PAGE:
A customs post

One thing that made us slightly apprehensive in the run-up to arrival in Tunis was a lack of information on what hurdles you’d actually face at the port. We’ve taken a car across a couple of North African borders before, and found them bewildering, disorientating and expensive experiences – and that was arriving by day. We also heard of one couple, doing the same crossing only a few weeks ago, who accepted “help” from a “friendly” local to navigate the docks – then found their new friend turning threatening when they didn’t give him “enough” cash…

So – this post is intended as a “What am I likely to face?” for anybody who might be thinking of getting the boat to La Goulette. If you want to know more of our thoughts on the trip and the change of cultures, have a look at Ellie’s post here.

We left on GNV from Palermo, but I suspect most lines and most Italian and probably other EU ports are similar. We had booked online, so only had a reference number to hand. I’ve explicitly said where people were uniformed or plain-clothes, because I don’t think it likely that scammers would have fake uniforms, but some real officials were plain-clothes. The one potential scammer (plain-clothes but with an official-looking badge clipped to his jacket) who tried to “help” me disappeared as soon as I asked if he was customs…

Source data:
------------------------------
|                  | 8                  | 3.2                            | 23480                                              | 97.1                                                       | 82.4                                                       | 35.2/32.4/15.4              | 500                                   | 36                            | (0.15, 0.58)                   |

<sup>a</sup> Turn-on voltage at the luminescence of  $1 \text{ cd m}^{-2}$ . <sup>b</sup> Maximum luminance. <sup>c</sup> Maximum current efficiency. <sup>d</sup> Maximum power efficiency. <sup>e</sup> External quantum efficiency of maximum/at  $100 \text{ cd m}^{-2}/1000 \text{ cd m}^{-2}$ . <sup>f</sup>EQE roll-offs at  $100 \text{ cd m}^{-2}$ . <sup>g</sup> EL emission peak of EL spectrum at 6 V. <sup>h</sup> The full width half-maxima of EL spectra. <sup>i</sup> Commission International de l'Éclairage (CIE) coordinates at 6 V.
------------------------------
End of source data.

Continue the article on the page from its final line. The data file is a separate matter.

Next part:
Leaving Italy
Our boat was scheduled to leave Palermo at 10am, so we arrived at the port at about 8am.

On arrival at the docks, we took the entrance signed for car embarkation. Security promptly told us that was the wrong entrance – we needed the next one, signed for Livorno and Genova ferries. There was already a queue of vehicles lined up along the kerb, so we joined the back, and Ellie walked forwards to check with security that it was the right entrance.

It was – but the queue was mostly parked and empty, so we drove around it and in to the port. Security had also told us that we needed to go to the GNV ticket office to check in and get our actual tickets.

The entrance to the GNV ticket office was a scrum. Cars parked (and double-parked) everywhere, and people apparently mobbing the office. I joined the double-parking, and sent Ellie to do battle with the queue, ready to phone me if we were both required for passport control. This was a superb decision, as she was back in the van in short order. One of the older men at the back of the virtually all-male throng saw Ellie and a couple of other women, and promptly shouted “Women must go to the front of the line” – and everybody in front parted to make way…